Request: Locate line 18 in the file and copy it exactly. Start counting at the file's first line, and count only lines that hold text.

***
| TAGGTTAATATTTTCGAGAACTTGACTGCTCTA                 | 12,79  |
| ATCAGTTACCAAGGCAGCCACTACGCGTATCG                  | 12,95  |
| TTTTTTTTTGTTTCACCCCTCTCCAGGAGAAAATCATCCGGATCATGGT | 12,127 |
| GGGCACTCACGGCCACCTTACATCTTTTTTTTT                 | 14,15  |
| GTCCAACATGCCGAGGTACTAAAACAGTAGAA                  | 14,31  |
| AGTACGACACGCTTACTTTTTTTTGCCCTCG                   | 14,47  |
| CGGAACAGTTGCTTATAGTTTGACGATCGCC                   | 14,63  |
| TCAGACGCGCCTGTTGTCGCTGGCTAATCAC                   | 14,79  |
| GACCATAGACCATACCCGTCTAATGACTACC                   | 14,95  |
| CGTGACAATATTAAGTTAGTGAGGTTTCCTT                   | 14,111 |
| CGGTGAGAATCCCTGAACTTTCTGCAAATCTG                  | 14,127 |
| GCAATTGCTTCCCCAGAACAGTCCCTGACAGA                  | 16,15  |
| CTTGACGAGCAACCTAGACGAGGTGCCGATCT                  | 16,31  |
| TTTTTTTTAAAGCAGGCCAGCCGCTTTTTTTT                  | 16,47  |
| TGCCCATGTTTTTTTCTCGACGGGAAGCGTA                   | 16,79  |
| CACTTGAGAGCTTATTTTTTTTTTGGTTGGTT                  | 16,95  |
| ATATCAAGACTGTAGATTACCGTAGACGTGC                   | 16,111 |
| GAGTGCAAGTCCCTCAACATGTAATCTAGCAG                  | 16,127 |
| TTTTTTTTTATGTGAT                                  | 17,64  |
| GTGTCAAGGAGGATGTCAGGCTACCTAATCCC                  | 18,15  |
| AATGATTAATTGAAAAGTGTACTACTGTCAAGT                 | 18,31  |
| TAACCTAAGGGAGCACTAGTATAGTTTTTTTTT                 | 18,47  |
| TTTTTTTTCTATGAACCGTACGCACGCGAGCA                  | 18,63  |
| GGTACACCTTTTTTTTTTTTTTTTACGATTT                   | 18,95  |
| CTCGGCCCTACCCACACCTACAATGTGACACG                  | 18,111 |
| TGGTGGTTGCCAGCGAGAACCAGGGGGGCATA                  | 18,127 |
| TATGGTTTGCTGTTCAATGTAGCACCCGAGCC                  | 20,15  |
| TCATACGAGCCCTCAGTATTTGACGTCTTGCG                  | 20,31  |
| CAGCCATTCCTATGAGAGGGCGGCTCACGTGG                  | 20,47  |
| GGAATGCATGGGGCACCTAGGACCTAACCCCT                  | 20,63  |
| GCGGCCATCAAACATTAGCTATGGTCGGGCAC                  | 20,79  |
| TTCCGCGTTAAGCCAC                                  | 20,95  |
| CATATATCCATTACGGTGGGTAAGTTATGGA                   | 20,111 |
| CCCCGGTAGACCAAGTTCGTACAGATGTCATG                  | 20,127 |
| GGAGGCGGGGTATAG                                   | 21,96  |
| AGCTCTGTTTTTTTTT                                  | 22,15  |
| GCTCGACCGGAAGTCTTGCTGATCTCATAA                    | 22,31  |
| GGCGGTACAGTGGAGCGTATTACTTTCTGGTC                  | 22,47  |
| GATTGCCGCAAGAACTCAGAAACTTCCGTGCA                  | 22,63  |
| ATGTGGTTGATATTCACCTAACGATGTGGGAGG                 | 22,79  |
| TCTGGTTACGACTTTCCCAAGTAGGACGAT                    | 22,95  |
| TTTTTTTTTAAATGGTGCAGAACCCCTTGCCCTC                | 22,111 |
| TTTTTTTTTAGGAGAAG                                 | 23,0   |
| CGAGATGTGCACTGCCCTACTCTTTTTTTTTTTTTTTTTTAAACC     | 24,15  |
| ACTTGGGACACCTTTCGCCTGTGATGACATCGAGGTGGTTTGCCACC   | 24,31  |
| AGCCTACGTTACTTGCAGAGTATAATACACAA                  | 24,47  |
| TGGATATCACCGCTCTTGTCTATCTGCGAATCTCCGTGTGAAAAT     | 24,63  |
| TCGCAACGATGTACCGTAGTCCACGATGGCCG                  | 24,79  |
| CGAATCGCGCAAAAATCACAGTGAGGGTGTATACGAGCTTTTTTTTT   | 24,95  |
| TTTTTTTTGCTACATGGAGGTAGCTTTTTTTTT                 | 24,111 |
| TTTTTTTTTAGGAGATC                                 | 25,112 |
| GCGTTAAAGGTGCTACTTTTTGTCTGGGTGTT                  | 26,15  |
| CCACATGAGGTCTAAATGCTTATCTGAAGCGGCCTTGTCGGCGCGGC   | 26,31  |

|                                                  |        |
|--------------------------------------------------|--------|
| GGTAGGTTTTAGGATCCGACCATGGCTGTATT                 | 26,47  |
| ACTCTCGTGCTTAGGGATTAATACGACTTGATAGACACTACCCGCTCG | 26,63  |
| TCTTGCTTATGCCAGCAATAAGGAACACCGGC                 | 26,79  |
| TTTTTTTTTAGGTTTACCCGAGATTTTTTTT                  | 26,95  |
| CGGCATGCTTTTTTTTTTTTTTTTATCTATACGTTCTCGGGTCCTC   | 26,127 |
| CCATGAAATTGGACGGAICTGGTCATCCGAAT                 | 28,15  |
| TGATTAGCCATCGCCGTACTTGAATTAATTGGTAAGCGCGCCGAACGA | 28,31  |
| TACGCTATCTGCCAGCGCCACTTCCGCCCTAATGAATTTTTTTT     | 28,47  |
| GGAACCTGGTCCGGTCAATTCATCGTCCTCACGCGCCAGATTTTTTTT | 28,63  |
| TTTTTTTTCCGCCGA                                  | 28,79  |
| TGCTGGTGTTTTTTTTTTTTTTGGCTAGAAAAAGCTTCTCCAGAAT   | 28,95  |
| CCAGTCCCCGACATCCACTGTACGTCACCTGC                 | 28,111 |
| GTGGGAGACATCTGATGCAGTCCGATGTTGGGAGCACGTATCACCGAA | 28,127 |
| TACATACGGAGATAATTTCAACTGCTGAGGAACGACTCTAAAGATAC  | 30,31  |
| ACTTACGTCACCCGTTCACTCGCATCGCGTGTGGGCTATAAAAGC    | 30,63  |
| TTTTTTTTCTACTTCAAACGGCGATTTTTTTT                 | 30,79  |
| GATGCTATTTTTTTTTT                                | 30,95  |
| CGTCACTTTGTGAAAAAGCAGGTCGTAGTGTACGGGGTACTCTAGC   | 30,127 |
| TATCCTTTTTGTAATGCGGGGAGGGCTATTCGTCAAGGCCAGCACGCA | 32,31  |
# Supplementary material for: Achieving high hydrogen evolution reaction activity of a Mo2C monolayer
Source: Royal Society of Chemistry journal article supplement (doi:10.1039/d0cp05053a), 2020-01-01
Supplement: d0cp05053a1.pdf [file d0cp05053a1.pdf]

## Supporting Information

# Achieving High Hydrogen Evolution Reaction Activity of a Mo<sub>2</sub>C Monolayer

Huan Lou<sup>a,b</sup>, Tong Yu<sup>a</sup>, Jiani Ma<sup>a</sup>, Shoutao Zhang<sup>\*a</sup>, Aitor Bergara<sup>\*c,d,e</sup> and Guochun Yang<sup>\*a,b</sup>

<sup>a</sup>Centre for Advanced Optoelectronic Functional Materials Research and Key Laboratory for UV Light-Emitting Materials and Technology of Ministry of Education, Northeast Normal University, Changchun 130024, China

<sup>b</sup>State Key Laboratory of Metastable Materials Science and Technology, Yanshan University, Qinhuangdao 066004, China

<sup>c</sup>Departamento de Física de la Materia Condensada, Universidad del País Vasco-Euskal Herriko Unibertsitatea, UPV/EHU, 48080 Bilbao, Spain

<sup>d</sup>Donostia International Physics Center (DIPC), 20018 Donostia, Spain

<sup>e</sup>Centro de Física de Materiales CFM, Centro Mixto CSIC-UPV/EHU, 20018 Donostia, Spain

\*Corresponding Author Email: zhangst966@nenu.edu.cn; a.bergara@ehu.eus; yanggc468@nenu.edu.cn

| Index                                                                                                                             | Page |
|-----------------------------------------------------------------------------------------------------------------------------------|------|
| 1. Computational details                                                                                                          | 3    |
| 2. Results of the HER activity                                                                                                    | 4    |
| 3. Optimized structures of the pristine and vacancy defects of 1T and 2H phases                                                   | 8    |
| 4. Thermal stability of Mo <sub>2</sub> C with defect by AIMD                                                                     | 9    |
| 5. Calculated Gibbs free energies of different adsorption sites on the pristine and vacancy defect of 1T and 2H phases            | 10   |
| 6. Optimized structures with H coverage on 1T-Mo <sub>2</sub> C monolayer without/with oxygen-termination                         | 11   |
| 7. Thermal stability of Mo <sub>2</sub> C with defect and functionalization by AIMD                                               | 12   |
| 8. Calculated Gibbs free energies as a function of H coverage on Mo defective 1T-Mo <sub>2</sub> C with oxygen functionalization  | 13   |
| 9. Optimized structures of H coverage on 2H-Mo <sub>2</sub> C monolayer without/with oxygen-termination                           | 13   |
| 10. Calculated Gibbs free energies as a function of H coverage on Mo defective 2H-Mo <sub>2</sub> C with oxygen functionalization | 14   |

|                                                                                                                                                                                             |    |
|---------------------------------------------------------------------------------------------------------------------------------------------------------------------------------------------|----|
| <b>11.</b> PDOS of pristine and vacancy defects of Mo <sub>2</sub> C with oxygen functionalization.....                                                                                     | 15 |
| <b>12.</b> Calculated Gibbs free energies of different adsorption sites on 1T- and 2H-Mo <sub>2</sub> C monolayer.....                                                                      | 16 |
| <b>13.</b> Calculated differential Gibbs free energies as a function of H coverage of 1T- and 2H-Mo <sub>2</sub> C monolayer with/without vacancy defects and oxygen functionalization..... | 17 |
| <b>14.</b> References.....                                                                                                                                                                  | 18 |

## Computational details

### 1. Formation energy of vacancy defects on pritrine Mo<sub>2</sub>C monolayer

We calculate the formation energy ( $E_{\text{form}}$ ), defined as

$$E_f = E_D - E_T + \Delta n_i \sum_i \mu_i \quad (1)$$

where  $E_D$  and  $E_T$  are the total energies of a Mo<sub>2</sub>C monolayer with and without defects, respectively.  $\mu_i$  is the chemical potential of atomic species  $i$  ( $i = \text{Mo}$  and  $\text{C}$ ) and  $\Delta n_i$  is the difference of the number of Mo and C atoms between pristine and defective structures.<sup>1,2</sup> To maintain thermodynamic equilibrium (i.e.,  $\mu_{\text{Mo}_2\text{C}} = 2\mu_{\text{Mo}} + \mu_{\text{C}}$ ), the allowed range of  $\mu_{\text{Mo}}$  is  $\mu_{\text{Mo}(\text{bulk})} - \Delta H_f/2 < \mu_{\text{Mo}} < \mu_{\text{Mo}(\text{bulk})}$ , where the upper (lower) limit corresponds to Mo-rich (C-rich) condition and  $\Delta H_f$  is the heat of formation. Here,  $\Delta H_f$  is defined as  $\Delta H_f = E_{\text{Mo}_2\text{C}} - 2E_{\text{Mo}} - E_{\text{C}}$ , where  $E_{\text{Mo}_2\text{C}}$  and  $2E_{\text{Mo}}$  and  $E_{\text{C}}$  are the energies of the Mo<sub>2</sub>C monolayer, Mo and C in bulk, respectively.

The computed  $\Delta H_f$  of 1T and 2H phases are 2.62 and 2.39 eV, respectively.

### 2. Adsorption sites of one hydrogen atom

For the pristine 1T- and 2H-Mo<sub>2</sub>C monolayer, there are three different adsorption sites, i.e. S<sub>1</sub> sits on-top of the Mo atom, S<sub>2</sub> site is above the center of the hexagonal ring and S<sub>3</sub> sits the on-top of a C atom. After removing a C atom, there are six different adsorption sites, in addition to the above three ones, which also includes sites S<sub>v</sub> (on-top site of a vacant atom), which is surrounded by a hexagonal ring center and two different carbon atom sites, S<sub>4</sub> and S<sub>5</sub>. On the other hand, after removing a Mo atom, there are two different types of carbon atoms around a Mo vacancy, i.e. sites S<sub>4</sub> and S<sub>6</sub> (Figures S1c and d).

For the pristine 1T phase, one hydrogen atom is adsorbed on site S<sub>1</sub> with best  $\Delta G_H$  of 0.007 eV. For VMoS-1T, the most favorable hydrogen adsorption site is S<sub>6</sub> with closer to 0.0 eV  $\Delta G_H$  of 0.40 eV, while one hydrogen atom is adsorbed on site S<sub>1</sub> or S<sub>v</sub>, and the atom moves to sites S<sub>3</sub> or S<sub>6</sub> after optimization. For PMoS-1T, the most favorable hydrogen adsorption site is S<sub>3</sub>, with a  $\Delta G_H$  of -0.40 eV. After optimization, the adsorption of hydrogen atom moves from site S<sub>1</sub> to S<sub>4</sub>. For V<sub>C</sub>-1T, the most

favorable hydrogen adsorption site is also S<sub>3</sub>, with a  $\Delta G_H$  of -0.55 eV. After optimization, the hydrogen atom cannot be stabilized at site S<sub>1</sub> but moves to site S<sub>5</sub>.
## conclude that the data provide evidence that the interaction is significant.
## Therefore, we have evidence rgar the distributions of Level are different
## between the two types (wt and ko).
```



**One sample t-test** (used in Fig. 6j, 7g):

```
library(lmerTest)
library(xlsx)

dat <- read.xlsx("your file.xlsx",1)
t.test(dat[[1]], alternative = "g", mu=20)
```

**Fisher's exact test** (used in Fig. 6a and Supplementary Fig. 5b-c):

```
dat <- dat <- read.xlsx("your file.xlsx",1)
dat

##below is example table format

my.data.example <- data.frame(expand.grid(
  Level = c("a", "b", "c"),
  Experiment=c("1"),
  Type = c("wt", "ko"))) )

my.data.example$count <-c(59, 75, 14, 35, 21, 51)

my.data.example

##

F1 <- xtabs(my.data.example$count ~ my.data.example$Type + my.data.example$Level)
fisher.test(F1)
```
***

| GAGTGCAAGTCCCTCAACATGTAATCTAGCAG                  | 16,127 |